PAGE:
# Magnetic Fields and Lorentz force flaw

• xfshi2000
In summary: Why doesn't it generate electric field? that is to say, particle with charge q only feel magnetic force and no coulomb force?The explanation given in the original post applies here as well- charges under different reference frames have different densities of positive and negative charge, so there is a net force of attraction (coulomb force) between them in the rest frame, but not in the moving frame.
xfshi2000
HI all:
I have one confused question. a infinitely long wire carrying constant direct current is placed in the space. One particle with charge q and velocity v is moving in the magnetic field which is created by current-carrying wire. We know in the lab frame. particle will accelerate in this magnetic field and feel a lorentz force(F=(q/c)(vxB)). Now if we switch from lab reference frame to the rest frame of particle, in this rest frame, particle speed is zero. that means Lorentz force disappear. According F=q[E+1/c(vxB)]. A electrostatic field must appear.
1) What is origin of this electric field? How does it generate?
One mentions that positive charge and negative charge density in the wire are different value under different reference frame.
For a line charge with length L, the electric field E=Q(1/r^2-L^2/2r^4). Because total charge are conserved. The first term is unaffected by choosing different reference frame. For the second term, they show length contraction in different reference frame. That is why they have different positive and negative charge density in the wire under different reference frame.
In our lab frame, due to constant direct current in the wire, I assume positive charge density is larger than negative charge density.
2) Why doesn't it generate electric field? that is to say, particle with charge q only feel magnetic force and no coulomb force?
Does anyone give me detail explanation? thanks a lot

xfshi2000 said:
HI all:

Now if we switch from lab reference frame to the rest frame of particle, in this rest frame, particle speed is zero. that means Lorentz force disappear. According F=q[E+1/c(vxB)]. A electrostatic field must appear.

Just a simple question: Suppose you made a mark on the wire. Wouldn't the particle see the mark receding from it, and therefore the magnetic field in motion with respect to it so the Lorentz force would, in fact, not be zero?

You might find the first paragraph of Einstein's paper on Special Relativity interesting reading...

xfshi2000 said:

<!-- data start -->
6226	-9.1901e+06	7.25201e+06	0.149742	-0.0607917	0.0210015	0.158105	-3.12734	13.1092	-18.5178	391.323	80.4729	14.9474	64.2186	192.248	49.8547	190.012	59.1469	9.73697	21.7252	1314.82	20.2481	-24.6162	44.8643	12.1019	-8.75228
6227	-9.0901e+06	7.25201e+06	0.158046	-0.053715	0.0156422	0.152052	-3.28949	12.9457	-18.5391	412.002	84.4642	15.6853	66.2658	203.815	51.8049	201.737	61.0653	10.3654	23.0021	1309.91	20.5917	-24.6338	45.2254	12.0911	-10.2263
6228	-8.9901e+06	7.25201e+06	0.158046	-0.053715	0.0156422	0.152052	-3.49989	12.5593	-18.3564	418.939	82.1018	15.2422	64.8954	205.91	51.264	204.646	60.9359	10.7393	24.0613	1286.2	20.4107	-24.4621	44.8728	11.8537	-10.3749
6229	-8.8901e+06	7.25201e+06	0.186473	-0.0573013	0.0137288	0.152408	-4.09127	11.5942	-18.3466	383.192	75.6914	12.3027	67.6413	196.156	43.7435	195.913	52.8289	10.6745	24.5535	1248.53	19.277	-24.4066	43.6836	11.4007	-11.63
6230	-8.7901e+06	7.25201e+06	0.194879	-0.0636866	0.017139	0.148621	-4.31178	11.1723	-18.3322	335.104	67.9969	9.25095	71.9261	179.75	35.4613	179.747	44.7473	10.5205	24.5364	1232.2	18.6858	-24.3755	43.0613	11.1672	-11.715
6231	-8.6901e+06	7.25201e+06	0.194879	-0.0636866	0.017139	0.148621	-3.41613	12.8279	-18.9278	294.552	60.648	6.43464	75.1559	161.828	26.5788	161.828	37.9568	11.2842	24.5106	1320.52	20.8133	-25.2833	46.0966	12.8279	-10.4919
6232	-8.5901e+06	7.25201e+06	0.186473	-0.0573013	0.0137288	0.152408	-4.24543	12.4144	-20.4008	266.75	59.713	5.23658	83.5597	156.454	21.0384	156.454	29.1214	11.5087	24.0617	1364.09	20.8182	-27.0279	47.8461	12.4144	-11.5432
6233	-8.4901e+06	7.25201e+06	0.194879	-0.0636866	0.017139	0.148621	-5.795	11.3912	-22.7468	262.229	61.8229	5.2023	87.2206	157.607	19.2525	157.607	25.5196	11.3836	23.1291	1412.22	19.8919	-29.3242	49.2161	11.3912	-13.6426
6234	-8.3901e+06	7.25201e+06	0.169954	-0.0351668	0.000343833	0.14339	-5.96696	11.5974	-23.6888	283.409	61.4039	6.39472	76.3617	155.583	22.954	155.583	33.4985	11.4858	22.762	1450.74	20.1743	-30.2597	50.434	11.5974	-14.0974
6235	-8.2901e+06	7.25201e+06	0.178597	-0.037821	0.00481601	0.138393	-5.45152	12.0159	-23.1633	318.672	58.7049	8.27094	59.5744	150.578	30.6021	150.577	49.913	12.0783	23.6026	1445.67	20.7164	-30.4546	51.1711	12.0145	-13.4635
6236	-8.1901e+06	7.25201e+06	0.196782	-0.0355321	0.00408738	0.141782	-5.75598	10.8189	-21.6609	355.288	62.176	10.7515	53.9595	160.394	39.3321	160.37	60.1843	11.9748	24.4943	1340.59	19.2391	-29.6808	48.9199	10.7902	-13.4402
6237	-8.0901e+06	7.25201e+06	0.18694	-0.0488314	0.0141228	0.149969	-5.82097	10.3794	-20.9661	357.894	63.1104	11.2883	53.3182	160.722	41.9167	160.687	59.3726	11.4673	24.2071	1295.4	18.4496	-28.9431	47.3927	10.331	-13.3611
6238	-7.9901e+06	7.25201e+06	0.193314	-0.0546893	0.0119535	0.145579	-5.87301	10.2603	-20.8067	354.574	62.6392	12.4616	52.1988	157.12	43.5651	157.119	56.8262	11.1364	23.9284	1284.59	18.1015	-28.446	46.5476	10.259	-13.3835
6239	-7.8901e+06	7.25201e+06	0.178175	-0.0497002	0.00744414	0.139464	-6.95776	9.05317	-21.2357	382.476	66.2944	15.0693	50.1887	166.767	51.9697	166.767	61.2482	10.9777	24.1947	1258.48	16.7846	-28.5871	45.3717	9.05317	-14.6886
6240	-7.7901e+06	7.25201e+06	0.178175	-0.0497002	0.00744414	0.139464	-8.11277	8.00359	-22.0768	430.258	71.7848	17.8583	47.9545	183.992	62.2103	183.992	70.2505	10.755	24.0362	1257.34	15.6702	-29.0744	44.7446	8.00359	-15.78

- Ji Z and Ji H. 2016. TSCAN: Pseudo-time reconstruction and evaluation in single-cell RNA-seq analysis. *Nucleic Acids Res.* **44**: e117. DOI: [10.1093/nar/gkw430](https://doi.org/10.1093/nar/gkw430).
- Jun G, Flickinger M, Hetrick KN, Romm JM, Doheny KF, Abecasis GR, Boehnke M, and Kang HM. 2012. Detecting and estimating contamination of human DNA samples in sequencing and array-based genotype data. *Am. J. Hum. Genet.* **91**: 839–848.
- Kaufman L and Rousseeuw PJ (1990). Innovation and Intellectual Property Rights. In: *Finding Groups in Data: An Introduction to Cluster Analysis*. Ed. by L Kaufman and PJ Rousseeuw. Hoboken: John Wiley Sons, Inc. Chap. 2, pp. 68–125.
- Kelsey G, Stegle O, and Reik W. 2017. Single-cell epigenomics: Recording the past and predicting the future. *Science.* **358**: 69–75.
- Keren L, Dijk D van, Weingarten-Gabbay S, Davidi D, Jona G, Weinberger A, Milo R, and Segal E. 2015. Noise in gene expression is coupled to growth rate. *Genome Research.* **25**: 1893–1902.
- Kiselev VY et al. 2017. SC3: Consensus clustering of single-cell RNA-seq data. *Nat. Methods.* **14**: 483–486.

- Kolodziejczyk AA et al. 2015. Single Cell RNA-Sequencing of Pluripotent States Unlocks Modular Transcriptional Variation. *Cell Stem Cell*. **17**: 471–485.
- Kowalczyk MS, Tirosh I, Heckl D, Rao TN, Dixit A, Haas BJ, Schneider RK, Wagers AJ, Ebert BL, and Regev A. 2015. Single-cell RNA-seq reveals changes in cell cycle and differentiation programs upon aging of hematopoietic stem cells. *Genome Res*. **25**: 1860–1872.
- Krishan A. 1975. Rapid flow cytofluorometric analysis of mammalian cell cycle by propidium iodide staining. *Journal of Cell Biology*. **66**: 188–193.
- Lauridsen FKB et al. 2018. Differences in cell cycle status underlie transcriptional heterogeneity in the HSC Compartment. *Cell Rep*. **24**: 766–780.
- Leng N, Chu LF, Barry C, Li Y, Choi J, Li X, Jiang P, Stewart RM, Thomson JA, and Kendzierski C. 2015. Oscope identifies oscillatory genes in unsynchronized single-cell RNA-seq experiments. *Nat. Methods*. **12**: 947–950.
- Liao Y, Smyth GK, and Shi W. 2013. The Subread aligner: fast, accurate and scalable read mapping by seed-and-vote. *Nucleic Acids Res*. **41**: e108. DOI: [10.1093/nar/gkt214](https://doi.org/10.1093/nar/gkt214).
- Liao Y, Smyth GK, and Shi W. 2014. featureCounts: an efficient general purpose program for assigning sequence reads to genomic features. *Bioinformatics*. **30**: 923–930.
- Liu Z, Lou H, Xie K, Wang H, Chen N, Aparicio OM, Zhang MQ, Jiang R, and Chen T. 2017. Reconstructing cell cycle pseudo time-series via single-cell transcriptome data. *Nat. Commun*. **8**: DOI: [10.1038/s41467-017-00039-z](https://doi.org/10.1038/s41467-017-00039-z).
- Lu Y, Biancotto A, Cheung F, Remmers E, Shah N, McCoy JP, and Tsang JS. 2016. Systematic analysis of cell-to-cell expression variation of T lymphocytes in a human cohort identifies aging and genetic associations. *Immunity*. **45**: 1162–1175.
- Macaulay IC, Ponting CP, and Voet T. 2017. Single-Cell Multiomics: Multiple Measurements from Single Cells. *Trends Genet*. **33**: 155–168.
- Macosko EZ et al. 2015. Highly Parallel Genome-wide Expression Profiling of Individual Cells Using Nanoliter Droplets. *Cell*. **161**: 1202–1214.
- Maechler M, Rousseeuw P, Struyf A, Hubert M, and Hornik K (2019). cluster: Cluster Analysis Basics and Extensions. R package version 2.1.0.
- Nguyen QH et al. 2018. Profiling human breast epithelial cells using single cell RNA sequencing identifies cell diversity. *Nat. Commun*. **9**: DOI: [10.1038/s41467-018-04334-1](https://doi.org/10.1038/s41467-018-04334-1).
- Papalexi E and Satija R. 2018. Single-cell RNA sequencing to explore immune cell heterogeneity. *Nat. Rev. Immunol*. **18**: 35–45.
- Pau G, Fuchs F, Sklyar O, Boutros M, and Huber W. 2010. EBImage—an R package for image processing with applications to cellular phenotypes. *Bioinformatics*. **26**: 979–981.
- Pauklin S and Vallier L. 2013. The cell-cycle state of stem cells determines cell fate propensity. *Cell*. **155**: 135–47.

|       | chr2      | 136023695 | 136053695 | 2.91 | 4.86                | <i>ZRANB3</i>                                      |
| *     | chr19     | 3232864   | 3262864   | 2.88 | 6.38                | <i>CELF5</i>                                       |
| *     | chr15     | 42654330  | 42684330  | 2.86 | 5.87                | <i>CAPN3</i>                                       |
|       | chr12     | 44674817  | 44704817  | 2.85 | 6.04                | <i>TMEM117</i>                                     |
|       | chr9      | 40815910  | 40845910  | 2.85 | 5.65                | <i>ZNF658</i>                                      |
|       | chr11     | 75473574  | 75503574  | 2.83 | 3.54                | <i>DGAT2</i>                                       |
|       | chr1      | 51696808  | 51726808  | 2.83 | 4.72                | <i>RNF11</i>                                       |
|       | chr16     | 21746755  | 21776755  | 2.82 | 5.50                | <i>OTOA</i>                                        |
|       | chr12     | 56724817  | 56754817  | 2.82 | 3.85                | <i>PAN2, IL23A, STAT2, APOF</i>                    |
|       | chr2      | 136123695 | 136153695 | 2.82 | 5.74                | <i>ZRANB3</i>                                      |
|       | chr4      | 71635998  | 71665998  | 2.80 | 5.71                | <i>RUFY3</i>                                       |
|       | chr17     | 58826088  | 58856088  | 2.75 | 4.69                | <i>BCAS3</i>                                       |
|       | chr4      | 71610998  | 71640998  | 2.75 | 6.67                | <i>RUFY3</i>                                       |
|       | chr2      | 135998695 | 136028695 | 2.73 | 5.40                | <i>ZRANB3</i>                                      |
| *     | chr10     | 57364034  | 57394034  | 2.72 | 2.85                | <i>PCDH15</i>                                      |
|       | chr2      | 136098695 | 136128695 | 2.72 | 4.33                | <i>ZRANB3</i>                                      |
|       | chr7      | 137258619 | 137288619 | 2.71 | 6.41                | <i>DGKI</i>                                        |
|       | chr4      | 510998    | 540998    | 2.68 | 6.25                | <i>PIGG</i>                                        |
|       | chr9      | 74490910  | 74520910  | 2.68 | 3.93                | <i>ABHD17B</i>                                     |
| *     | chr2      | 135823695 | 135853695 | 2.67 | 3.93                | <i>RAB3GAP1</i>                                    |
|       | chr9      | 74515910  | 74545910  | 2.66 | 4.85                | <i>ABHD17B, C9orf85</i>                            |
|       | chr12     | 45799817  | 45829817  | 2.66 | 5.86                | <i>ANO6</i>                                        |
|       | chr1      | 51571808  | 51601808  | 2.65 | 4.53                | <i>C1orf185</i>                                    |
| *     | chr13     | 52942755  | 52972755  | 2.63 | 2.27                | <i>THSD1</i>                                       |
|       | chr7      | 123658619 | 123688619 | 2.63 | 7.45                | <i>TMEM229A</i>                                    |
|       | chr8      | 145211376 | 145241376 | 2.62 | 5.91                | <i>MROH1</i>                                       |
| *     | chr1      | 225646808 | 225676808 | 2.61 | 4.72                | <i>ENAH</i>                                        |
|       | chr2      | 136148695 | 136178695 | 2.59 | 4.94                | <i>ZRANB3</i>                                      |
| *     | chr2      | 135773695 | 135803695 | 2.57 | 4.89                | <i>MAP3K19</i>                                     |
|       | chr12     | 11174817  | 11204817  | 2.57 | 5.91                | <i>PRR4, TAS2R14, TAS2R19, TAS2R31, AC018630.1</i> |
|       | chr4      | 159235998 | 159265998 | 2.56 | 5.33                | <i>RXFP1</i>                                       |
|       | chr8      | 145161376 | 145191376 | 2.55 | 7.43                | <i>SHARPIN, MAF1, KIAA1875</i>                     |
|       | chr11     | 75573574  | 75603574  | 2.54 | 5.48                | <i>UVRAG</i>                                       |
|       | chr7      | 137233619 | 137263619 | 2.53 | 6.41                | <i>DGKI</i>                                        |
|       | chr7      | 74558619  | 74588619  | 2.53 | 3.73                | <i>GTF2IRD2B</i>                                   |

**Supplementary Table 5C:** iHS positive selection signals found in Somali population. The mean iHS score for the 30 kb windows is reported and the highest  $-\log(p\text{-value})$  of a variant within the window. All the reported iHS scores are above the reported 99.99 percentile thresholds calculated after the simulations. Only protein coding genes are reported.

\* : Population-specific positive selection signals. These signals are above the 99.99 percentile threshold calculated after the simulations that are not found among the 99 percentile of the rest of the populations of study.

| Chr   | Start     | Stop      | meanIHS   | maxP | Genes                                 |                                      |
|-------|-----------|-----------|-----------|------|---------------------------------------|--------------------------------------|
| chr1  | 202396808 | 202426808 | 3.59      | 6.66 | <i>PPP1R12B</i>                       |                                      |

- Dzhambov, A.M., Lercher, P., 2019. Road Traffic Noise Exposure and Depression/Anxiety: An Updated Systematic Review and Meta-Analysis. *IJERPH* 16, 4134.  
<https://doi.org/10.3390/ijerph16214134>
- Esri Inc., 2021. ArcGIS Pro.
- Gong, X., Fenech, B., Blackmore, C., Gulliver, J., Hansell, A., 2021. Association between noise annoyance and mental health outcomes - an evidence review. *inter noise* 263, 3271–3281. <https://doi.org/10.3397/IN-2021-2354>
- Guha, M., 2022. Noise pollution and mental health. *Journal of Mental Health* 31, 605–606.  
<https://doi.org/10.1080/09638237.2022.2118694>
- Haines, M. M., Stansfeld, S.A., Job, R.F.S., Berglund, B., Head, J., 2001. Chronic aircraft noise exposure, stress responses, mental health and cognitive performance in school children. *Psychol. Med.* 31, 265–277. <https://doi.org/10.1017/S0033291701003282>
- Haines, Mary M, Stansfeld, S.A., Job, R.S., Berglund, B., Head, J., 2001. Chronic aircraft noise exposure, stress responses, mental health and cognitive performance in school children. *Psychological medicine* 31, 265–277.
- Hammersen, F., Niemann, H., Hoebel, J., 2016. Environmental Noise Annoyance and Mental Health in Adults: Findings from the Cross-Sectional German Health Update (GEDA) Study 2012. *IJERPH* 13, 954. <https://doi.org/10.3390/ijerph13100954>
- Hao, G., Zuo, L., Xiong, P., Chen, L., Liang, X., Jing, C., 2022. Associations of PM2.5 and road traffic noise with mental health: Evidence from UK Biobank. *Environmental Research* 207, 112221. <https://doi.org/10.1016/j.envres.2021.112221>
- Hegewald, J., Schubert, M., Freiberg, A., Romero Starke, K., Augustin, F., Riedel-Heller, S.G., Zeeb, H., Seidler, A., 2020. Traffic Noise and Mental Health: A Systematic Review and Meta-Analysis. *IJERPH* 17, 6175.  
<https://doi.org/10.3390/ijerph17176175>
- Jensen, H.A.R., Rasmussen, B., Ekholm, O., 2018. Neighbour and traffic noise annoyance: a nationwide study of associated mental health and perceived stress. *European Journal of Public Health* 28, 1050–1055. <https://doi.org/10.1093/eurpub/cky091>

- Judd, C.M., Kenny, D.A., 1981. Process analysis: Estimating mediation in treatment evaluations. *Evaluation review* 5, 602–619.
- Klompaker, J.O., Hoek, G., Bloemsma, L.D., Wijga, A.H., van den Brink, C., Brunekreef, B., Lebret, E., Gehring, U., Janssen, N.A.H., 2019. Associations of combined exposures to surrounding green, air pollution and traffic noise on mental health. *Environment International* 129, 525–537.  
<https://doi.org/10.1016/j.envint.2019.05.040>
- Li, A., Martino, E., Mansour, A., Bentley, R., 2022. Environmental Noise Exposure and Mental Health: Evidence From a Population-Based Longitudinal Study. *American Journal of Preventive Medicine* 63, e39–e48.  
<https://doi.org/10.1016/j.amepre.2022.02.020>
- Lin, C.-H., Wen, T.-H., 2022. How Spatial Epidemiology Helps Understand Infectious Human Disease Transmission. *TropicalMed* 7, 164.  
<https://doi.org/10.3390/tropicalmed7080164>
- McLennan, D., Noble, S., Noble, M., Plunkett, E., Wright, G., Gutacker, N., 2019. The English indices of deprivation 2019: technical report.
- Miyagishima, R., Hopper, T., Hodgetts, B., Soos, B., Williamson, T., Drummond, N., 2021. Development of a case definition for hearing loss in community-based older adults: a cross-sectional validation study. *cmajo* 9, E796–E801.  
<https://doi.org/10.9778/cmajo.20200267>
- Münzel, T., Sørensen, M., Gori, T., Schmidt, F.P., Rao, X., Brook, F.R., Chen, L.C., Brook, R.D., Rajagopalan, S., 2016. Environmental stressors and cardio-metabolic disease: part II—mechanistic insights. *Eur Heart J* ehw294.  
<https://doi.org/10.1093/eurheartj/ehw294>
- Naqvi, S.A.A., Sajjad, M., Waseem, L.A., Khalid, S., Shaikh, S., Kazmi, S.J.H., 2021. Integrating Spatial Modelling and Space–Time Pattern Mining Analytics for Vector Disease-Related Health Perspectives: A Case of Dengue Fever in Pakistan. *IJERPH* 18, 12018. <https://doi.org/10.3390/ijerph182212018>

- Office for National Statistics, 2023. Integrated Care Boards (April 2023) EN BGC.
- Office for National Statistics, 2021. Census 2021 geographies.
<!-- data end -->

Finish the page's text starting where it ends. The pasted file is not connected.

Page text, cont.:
in this rest frame, particle speed is zero. that means Lorentz force disappear. According F=q[E+1/c(vxB)]. A electrostatic field must appear.
1) What is origin of this electric field? How does it generate?
In short, it comes from length contraction. See http://physics.weber.edu/schroeder/mrr/MRRtalk.html for details.

Feynman does a great job with this particular example. See Vol II, 13.6 of the Lectures.
A similar problem: 2 (+) charges at rest repel each other, but viewed from a moving frame, they also feel a Lorentz B attraction...
Follow-up: What's different for gravity??

## 1. What is a magnetic field?

A magnetic field is a region in space where a magnetic force can be detected. It is created by moving electric charges, such as those found in electrons, protons, and other particles.

## 2. How is a magnetic field represented?

A magnetic field is represented by lines of force, also known as magnetic field lines. These lines indicate the direction and strength of the magnetic field at any given point.

## 3. What is the Lorentz force flaw?

The Lorentz force flaw, also known as the Lorentz force paradox, is a theoretical inconsistency in classical electromagnetism. It arises when considering the force on a charged particle moving in a magnetic field, as described by the Lorentz force equation.

## 4. How does the Lorentz force flaw affect our understanding of magnetic fields?

The Lorentz force flaw challenges our understanding of the fundamental principles of electromagnetism, as it suggests that the force on a charged particle in a magnetic field is dependent on the frame of reference. This goes against the basic principle of relativity and raises questions about the nature of magnetic fields.

## 5. Is the Lorentz force flaw still relevant in modern physics?

Yes, the Lorentz force flaw is still a topic of debate and research in modern physics. While it has been largely resolved through the development of quantum mechanics and special relativity, there are still aspects of the paradox that remain unresolved and continue to be studied by scientists.

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